I have a lot of shrubs. I adore them, yet admit I'm sometimes a little envious in summer when you're all showing masses of colorful blooms. I have tons of non-woodies, too, of course, but the majority of my plant material is shrubs (they're big, you know?). But in fall, my Ann Arbor, MI, garden comes into its own. It's a wonderful showcase of autumn delights! If I do say so myself. (Which I just have. Said. Ha! Esther's writing style is rubbing off!)
For more fall color, check out Dave's Fall Color Project 2009.
Now, I ask you, isn't the fothergilla foliage above drop-dead gorgeously stunning?! And its spring flowers are pretty awesome as well.
There's something about this color and texture combo that just tickles my fancy
Maple leaves from my neighbor's tree fell artistically onto the street.
I didn't realize that the foliage of prairie smoke turns red. Noogie!
Look at my lovely Diablo ninebark! I got it several years ago as a $3.33 gallon shrub at a big box store, and now it's taller than me--at least 6 feet. I love its dark color all year, and especially its redder shade in fall. It also gets great big white blooms in spring. I've never once been able to capture its true beauty on film, though.
This is my red-twig dogwood. It's huge now, and doing very well. I bought it as a bit of a reject at a year-end sale a long while ago. Noogie!
Here is the viburnum outside my bedroom window. If I were the kind of person who wasn't too lazy to go into the basement to check through a huge envelope full of plant tags, and if I were also the kind of person who actually made notes on plant tags as to the location of planting, I'd be able to tell you what kind this is. I have seven viburnums and they're all wonderful, but I'll be plum-doggied to know which is which.
I'm not wild about gooseneck loostrife, but you can't beat their fall color. It's really intense IRL. I got them from a coworker who has since passed away, so though they spread aggressively, and I thin them out each spring, I can never get rid of them altogether, as they remind me of Marlene.
In case you couldn't see the purple smokebush in the background of the gooseneck loosestrife in the previous photo, here it is close-up. It struggled for years and finally came into its own this spring.
Aren't the leaf veins awesome?
My sweet native chokeberry, purchased this spring. I love this shrub and its wonderful orange fall color.
A fall feeling in my front yard (photo is taken with my back against a front corner of my house, facing the street and a neighbor's house across the street).
I transplanted this spirea this fall and it looks none the worse for wear. And look at the tiny obedient plants in the background. They are small (and much later blooming than my huge 4-feet plant out front) because this was a shadier location before I cut down all that buckthorn.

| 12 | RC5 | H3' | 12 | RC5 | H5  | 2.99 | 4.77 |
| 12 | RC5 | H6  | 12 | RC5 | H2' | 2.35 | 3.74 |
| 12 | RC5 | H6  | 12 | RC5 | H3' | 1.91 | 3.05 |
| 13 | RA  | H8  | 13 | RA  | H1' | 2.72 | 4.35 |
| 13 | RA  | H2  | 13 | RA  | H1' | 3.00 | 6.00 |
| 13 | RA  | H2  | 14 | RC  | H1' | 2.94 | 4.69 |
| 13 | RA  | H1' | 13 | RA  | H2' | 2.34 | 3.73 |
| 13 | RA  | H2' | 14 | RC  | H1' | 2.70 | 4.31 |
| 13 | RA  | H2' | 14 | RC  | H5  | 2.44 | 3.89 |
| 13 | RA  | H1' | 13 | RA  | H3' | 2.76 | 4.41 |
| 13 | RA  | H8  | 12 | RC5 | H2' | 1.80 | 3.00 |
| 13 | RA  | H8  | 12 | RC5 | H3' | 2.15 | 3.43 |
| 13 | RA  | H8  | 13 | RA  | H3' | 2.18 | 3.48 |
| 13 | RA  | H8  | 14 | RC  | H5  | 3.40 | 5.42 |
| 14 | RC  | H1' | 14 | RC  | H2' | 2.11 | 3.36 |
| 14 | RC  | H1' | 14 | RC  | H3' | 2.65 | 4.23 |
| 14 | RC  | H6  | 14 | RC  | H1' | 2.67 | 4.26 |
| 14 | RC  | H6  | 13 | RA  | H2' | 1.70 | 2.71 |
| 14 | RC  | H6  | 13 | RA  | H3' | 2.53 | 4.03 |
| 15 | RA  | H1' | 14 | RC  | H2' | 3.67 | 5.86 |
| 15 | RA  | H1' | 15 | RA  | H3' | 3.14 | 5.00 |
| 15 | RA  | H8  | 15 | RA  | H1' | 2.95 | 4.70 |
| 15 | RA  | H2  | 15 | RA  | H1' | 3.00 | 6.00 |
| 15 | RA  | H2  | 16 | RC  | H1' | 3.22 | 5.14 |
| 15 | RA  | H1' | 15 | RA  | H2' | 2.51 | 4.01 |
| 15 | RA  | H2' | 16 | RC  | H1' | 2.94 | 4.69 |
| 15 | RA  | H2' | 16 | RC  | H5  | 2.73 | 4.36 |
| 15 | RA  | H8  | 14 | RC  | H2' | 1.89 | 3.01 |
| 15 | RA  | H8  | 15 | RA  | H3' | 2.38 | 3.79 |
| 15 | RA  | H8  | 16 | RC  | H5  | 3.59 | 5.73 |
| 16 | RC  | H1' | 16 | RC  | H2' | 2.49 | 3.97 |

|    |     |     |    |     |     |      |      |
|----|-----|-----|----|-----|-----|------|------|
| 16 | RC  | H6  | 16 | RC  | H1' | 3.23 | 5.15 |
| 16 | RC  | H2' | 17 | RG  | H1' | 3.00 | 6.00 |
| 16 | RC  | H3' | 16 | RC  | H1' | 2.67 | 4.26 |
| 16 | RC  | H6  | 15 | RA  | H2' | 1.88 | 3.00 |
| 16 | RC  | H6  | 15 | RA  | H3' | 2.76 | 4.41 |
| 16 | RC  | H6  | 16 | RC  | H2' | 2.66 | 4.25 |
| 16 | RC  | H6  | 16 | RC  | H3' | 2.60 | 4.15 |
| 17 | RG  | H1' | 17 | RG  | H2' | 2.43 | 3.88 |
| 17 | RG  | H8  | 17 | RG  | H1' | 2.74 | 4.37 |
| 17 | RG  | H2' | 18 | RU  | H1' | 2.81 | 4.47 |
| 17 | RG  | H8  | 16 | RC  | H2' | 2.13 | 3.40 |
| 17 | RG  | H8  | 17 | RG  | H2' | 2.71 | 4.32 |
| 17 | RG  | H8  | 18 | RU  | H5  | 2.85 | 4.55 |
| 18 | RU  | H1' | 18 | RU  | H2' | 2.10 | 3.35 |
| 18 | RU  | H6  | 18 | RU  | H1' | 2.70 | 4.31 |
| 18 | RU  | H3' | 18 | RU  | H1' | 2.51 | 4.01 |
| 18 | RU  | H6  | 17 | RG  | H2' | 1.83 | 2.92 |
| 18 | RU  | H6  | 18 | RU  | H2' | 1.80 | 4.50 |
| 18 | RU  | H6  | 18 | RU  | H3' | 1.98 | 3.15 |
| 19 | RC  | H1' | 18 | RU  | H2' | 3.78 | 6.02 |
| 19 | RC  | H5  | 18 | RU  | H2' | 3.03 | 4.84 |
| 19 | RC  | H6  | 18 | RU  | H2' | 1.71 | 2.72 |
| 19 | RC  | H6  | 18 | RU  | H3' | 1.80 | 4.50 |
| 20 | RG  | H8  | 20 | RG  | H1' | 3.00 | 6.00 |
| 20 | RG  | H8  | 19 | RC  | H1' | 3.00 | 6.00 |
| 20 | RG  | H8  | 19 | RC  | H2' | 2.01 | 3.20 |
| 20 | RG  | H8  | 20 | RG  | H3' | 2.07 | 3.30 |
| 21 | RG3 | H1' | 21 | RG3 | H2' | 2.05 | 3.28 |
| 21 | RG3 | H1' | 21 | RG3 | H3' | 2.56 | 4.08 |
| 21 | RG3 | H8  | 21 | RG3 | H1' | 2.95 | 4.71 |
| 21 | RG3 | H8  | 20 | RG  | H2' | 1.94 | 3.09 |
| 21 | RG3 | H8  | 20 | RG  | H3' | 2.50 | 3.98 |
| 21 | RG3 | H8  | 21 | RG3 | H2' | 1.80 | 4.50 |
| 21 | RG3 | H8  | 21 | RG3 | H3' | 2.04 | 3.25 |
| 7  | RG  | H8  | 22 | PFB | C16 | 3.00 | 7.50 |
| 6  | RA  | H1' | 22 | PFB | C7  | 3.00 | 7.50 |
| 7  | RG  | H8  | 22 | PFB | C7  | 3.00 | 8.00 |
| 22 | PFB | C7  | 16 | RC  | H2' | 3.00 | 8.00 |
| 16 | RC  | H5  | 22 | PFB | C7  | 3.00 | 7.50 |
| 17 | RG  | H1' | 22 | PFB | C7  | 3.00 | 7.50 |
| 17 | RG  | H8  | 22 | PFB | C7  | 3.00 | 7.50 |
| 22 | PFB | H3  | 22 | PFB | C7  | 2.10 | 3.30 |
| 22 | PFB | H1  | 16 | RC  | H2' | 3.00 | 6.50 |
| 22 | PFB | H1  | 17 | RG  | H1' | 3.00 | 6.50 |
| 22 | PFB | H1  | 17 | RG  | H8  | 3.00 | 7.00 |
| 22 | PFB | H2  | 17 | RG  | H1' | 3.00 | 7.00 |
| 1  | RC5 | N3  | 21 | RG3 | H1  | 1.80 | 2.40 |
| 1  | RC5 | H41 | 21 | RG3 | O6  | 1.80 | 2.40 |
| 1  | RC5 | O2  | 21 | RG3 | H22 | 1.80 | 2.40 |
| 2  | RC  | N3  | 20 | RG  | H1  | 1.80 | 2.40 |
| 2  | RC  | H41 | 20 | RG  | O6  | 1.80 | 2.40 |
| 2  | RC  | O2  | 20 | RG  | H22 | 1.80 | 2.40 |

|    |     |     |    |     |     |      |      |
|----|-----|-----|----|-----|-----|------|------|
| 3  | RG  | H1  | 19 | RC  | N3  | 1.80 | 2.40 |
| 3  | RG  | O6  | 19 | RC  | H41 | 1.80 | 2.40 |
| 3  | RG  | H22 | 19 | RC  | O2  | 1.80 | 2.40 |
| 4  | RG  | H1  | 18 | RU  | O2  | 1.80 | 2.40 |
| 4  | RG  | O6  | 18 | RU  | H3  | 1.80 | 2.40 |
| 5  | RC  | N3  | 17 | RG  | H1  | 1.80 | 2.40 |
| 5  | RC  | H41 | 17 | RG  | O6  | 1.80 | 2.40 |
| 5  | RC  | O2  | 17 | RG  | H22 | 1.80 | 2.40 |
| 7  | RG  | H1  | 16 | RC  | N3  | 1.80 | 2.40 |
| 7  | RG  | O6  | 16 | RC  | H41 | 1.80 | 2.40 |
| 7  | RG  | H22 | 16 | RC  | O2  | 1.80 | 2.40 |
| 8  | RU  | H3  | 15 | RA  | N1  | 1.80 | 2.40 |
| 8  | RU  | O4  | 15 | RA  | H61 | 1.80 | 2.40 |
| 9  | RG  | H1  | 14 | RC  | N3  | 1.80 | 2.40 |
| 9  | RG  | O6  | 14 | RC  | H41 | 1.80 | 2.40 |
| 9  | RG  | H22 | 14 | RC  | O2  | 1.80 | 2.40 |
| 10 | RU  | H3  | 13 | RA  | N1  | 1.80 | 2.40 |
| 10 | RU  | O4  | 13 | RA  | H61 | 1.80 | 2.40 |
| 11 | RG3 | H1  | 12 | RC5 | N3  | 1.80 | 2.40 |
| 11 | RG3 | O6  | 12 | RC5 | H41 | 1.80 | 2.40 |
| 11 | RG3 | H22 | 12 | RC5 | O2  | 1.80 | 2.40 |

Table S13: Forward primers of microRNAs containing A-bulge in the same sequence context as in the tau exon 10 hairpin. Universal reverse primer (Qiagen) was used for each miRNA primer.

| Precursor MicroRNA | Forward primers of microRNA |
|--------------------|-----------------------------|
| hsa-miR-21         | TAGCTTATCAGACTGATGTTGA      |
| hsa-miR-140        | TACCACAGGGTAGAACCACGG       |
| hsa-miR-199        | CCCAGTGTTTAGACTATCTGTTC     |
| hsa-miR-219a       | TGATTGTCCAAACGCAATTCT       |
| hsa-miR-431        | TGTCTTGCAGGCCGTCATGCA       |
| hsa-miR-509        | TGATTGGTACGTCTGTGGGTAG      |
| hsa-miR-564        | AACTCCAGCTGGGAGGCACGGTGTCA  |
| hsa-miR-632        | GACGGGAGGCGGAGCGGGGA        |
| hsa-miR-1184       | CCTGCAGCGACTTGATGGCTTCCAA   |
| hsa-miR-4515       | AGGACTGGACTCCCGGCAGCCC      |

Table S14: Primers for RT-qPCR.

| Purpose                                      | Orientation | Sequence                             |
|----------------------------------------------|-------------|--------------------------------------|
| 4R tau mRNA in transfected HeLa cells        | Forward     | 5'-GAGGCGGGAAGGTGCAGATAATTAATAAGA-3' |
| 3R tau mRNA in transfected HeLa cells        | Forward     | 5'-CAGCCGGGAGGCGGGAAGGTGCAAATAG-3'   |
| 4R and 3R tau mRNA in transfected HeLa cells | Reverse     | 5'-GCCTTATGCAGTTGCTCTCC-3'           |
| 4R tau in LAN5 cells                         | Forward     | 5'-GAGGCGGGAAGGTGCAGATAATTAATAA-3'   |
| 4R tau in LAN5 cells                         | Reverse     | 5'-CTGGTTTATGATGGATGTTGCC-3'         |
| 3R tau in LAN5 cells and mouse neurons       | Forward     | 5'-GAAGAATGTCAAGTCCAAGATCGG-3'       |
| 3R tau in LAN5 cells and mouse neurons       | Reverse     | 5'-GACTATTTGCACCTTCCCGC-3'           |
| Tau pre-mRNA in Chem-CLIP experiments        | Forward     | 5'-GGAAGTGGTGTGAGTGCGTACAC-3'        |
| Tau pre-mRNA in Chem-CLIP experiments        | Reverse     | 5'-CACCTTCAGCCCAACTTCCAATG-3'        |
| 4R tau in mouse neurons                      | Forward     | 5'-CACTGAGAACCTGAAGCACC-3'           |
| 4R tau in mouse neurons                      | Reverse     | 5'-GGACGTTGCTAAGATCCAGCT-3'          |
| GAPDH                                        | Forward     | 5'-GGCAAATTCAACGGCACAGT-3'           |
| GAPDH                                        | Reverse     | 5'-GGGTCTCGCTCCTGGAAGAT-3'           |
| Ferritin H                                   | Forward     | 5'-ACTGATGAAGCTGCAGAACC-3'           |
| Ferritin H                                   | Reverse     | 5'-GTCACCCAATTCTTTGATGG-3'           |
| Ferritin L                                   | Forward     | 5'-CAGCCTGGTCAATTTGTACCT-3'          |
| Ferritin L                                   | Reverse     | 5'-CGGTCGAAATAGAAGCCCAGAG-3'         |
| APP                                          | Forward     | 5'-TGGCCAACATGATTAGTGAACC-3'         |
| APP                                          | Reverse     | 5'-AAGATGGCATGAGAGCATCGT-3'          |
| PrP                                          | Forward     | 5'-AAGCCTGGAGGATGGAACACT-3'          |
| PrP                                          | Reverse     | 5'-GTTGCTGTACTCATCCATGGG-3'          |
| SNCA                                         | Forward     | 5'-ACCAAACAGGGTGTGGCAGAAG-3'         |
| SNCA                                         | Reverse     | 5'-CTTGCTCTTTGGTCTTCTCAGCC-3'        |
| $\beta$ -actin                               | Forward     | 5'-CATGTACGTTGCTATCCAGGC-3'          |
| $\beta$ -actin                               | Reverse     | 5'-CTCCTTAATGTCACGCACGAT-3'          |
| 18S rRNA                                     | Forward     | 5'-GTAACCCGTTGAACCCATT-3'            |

Aw, isn't the variegated red-twig dogwood sweet? I had no idea how wonderful its fall color is. (I had two of these in the entirely wrong locations (too shady) and moved them this spring (one all the way to TN! ;-).) It's grown more this season than it has the previous two years I've had it!
I'm not sure my pieris realizes it's fall... or I could be wrong about how it blooms when. (I got it this spring.)
Barberry is on my city's invasives plant list. It's a big no-no. But, um, well, I planted it as one of the very first things when I moved to my current house, as a detriment to kids who were cutting through my property instead of using the park path not ten feet away. I have pulled out two other barberries, but, dagnabbit, this one is too big to mess with and it's staying. I think the removal of 1,476 buckthorns (approx.) equates with the keeping of two barberries! Plus, look at its great fall color!
Beautyberry is fairly nondescript all season, but its vibrant purple berries are worth the wait.
Here's the viburnum at the back of my house.
The native tall coreopsis turned a gorgeous dark red this fall. They're about 8 feet tall, too!
Here's my viburnum along the fence.
I'm a little "so over" evening primrose, but I do enjoy its "hello-I'm-here!" red fall leaves.
The burning bush was magnificent this year, but it rained before I thought to take a photo. Another viburnum next to it, in this area next to my neighbor's driveway.
Here is that same viburnum close-up. Wheee!
Here's the viburnum at the other end of the front of my house. (You thought I was kidding when I said I had a lot of viburnums?!) This one gets pink flowers in spring. I like how the leaves of all the viburnums vary, not just by variety, but by location (sunnier vs. shadier).
The purple sand cherry was planted in honor of my dad (who died in 1997 and would have been 72 on Saturday), in a convoluted kind of way. Let's just say it's a Prunus, as are plums, and one of my dad's favorite snacks were Zwetschenknödel (plum dumplings made with a special kind of plum; I know Bek will know what I'm talking about!). Also say hi to the hellebore!
The orange mums get lost next to the orange foliage of cushion spurge. I was excited to find the flamingo this summer in Champaign-Urbana while following Beckie to the demonstration garden there! :)
OK, the sedum is always that dark shade of red and the coral bells are always that green, but I love the combo and the cottonwood leaf makes it fall-y.
I love the seeds of iron weed. I'm saving a lot for the seed swap!
Happy Monday, everyone. Fairly normal posting should be resuming. (That is, at a slug's pace, not at a hungover slug on sleep-inducing meds carrying a heavy load of molasses in January's pace!)